Keynote I : Tuesday, January 17, 9:00-10:35
In Memory of Edward J. McCluskey: The Next Wave of Pioneering Innovations
Prof. Subhasish Mitra (Stanford University)
Prof. Deming Chen (University of Illinois at Urbana-Champaign)
This special plenary session will celebrate Prof. McCluskey (who passed away in 2016) through three keynote speeches by world-renowned scholars on the next wave of pioneering innovations,
starting with a memorial speech by Prof. Jacob Abraham of University of Texas at Austin.
Memories of Professor Edward J. McCluskey
Tribute to Professor Edward J. McCluskey
Prof. Jacob Abraham
The University of Texas at Austin
Heterogeneous Integration of X-tronics: Design Automation and Education
Prof. K.-T. Tim Cheng
Hong Kong University of Science and Technology
Advances in photonics, flexible electronics, emerging memories, etc. and Si electronics’ integration with these devices have enabled new classes of integrated circuits and systems with enhanced functionality, higher performance, or lower power consumption. Driving greater integration of such heterogeneous X-tronics can facilitate the continued proliferation of low-cost micro-/nano-systems for a wide range of applications. However, achieving their large-scale integration will require design ecosystem and design automation tools/methodologies much like those that enabled electronic integration in previous decades. In this talk, I will briefly introduce two recent Manufacturing Innovation Institutes, on Integrated Photonics and on Flexible Hybrid Electronics respectively, and a research center on developing 3D Hybrid CMOS-memristor circuits, which bring together academia, industry, and federal partners to increase U.S. manufacturing competitiveness in these areas. I will then focus on their design automation efforts and highlight the needs, challenges and opportunities of developing a robust design ecosystem for X-tronics integration. I will also share the educational challenges of talent development for X-tronics design automation.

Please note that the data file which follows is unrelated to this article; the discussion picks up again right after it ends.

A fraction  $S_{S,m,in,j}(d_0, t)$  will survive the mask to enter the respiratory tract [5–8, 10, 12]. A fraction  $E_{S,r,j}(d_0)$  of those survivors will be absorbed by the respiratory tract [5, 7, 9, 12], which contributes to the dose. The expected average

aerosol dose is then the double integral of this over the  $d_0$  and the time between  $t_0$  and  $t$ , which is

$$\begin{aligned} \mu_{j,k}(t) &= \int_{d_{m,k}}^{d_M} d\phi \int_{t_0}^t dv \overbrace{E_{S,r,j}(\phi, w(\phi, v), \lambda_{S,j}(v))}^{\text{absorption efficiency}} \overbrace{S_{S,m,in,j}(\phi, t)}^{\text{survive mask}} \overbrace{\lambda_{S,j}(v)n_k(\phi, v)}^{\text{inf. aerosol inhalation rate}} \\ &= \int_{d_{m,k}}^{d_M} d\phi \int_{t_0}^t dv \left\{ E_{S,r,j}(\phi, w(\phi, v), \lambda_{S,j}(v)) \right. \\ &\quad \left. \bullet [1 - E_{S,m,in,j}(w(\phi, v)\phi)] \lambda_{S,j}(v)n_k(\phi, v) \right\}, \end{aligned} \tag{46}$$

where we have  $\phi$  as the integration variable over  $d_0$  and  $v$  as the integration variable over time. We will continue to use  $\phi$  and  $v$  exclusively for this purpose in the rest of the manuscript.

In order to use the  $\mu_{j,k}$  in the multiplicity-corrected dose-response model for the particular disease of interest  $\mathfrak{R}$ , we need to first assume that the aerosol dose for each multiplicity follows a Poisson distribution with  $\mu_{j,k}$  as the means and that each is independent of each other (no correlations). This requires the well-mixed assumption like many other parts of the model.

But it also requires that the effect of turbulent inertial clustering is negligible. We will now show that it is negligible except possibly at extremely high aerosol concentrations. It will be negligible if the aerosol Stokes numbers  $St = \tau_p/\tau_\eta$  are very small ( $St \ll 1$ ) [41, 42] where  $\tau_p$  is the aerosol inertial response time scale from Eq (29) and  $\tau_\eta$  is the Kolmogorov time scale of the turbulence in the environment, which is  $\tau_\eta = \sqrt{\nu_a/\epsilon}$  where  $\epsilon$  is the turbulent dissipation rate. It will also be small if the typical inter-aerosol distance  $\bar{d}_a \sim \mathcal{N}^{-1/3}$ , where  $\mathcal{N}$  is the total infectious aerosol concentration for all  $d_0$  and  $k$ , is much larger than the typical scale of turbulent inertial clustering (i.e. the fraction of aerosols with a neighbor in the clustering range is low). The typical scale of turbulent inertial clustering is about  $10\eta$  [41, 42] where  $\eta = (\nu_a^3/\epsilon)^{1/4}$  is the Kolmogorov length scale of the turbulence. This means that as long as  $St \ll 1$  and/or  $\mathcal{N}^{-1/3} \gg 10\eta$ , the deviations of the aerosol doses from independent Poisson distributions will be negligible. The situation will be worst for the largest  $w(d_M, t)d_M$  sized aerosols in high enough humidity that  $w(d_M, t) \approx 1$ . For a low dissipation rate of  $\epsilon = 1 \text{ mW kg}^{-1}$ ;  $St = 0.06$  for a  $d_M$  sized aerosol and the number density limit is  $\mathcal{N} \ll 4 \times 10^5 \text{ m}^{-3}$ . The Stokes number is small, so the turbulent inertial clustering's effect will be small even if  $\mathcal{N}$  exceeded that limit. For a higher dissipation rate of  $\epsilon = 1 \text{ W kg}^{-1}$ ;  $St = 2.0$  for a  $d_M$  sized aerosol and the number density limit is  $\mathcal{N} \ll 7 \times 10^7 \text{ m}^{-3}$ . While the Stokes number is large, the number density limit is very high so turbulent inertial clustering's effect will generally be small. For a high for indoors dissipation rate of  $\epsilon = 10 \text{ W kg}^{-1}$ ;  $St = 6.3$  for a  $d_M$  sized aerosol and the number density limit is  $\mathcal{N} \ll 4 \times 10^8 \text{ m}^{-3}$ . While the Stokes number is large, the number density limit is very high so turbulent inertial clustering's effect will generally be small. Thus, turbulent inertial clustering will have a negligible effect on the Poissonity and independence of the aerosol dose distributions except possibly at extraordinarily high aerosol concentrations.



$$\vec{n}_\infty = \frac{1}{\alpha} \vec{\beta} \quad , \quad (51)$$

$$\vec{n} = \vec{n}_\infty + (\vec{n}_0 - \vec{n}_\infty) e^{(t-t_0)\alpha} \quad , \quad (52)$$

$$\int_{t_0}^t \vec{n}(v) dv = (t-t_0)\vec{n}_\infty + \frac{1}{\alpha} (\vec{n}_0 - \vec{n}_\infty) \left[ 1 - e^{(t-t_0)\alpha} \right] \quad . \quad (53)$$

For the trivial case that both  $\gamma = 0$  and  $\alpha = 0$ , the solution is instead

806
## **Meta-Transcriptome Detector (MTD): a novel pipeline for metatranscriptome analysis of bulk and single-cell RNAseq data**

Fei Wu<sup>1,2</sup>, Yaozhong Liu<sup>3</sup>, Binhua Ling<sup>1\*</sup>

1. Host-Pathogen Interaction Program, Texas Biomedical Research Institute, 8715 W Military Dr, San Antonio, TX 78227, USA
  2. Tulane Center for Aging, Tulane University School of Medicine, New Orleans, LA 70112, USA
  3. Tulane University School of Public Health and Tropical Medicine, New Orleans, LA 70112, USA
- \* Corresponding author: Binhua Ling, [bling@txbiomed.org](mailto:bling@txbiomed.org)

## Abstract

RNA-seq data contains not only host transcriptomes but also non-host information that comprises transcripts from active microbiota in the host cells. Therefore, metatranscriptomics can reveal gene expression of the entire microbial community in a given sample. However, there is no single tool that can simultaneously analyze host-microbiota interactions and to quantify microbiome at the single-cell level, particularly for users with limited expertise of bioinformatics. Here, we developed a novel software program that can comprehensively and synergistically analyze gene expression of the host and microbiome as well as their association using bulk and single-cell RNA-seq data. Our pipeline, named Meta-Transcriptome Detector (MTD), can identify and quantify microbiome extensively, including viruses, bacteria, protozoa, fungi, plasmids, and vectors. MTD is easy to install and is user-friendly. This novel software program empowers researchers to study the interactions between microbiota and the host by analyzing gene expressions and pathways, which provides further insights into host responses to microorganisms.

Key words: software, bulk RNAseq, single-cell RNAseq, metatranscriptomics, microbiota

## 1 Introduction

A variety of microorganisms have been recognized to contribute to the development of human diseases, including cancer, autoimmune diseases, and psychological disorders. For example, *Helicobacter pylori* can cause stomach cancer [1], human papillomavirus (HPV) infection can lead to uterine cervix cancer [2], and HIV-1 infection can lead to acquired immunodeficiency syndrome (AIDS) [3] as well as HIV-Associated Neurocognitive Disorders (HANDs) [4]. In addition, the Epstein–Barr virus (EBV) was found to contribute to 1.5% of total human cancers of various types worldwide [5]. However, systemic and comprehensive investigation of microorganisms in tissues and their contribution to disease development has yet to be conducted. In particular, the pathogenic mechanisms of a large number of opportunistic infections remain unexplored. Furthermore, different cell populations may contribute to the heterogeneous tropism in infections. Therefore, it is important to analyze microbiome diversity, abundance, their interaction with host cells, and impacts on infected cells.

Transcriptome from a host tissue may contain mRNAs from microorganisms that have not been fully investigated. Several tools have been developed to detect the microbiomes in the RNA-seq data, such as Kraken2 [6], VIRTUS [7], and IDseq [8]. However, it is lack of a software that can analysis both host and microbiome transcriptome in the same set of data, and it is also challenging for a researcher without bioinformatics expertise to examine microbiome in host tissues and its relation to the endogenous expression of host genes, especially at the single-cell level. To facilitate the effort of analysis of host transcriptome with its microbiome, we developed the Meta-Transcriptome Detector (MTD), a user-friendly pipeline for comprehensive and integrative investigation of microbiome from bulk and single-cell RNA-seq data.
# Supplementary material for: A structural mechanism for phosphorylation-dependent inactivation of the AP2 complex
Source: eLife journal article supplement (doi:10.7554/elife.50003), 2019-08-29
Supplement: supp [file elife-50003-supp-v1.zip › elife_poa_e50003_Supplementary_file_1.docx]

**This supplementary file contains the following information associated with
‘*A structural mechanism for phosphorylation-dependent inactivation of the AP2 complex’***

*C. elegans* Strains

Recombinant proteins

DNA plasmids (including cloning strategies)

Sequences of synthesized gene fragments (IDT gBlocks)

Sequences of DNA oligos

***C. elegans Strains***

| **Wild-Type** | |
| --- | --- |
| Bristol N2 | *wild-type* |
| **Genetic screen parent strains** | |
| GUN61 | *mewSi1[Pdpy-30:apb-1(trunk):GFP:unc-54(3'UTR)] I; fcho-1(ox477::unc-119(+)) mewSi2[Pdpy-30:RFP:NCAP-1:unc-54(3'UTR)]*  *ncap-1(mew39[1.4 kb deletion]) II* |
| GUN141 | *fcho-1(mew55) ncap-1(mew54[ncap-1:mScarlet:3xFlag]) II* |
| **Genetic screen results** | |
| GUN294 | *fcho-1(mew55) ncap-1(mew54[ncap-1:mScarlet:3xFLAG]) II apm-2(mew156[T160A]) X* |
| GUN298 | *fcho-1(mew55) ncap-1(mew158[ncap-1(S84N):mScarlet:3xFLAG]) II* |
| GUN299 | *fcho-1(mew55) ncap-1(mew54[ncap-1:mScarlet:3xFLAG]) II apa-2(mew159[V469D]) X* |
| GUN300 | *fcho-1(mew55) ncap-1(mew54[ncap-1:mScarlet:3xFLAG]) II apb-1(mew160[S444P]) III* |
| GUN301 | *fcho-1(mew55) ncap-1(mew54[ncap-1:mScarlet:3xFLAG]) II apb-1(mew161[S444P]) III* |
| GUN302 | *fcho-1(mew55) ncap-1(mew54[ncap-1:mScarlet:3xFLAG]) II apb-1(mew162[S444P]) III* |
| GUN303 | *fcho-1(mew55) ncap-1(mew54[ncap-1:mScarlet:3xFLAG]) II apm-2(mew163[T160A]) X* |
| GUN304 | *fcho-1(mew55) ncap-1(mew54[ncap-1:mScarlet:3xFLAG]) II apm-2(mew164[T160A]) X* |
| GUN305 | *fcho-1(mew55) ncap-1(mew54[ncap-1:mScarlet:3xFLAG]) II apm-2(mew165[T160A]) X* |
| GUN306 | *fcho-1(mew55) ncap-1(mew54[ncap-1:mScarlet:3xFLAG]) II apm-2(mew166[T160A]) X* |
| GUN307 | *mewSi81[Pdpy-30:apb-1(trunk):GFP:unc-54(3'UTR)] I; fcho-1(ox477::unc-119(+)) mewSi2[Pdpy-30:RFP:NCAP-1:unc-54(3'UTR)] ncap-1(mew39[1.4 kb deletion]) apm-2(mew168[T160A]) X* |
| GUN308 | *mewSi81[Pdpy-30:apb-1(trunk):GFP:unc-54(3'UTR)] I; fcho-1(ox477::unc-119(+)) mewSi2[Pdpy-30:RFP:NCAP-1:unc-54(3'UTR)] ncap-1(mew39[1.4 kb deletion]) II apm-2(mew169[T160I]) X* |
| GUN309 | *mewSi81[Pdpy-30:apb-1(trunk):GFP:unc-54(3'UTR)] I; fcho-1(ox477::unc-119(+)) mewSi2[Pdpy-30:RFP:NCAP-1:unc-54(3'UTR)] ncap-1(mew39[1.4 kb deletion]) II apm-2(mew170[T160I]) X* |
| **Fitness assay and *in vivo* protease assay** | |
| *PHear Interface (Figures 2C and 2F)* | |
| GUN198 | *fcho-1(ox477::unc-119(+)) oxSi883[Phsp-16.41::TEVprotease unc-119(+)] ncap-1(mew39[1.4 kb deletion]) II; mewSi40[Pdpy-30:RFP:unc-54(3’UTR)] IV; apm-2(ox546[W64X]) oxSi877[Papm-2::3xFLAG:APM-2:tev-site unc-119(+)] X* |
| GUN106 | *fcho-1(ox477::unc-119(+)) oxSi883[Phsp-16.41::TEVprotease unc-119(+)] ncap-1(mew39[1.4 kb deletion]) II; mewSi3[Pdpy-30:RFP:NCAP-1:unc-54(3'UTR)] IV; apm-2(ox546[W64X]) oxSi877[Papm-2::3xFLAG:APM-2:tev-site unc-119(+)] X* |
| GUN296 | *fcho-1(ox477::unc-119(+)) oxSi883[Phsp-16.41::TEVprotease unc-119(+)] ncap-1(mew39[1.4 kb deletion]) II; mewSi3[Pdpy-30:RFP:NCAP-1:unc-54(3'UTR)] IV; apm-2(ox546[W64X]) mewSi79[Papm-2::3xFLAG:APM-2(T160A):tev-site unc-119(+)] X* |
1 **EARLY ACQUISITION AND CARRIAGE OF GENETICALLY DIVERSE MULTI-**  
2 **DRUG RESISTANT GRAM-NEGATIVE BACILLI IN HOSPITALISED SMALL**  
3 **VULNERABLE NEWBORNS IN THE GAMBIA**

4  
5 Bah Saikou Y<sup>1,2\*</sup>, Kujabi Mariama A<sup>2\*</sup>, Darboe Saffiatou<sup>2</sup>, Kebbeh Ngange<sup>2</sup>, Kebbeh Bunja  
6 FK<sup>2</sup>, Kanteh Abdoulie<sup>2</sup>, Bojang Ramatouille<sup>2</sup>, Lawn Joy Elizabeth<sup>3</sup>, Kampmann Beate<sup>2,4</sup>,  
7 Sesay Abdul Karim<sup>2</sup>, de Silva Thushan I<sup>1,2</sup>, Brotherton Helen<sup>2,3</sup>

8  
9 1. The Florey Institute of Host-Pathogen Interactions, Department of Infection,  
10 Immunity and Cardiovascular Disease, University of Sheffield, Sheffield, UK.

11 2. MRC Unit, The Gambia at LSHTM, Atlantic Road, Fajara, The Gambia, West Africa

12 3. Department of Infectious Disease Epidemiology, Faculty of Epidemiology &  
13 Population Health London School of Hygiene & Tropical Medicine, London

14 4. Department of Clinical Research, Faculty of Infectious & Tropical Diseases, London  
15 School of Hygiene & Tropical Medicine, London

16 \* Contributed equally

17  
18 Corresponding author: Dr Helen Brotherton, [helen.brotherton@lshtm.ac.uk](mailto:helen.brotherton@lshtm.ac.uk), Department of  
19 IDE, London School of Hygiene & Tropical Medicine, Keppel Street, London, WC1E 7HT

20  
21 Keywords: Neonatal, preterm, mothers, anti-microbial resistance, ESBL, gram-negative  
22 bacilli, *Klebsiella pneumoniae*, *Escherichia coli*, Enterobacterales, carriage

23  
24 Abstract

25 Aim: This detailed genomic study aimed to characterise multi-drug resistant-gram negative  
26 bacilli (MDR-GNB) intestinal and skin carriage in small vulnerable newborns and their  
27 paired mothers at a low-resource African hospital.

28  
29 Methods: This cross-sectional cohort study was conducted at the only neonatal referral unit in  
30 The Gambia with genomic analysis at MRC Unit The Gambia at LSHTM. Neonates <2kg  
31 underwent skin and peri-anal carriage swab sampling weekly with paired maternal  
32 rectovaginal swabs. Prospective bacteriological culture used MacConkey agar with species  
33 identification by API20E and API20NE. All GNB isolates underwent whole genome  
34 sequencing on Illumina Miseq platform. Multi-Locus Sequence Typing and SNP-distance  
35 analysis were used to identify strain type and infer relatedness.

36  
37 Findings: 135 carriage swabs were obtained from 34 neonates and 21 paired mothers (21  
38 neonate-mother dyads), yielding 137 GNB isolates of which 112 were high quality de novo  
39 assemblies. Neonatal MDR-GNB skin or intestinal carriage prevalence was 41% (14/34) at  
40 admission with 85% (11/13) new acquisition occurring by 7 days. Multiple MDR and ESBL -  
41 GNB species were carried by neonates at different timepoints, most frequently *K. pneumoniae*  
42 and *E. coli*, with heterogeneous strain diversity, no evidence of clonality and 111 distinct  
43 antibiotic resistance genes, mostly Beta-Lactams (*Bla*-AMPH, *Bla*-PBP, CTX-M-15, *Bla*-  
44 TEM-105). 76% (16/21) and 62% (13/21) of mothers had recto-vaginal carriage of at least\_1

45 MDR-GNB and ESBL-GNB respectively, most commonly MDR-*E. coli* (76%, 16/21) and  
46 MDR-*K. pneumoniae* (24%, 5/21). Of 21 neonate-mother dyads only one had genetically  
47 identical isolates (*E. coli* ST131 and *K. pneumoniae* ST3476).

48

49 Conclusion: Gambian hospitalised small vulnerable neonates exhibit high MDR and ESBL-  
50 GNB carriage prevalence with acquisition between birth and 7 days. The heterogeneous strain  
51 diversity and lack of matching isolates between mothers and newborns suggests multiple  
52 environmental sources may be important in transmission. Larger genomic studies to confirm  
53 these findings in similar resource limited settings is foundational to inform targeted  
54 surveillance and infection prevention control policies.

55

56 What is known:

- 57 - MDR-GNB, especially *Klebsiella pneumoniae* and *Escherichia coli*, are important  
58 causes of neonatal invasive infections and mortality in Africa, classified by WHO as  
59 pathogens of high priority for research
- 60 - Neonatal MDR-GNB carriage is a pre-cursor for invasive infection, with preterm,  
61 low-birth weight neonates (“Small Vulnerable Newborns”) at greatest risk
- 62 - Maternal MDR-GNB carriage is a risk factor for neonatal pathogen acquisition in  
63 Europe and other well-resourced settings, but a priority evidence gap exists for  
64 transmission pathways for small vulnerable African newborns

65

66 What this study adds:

Electronics for the Human Body
Prof. John Rogers
Biology is soft, curvilinear and transient; modern semiconductor technologies are rigid, planar and everlasting. Electronic and optoelectronic systems that eliminate this profound mismatch in properties create opportunities for devices that can intimately integrate with the body, for diagnostic, therapeutic or surgical function with important, unique capabilities in biomedical research and clinical healthcare. Over the last decade, a convergence of new concepts in mechanical engineering, materials science, electrical engineering and advanced manufacturing has led to the emergence of diverse, novel classes of 'biocompatible' electronic platforms. This talk describes the key ideas, with examples ranging from wireless, skin-like electronic 'tattoos' for continuous monitoring of physiological health, to multiplexed, conformal sensor sheets for mapping cardiac electrophysiology, to bioresorbable intracranial sensors for treating traumatic brain injury.
Design of Society: Beyond Digital System Design
Prof. Hiroto Yasuura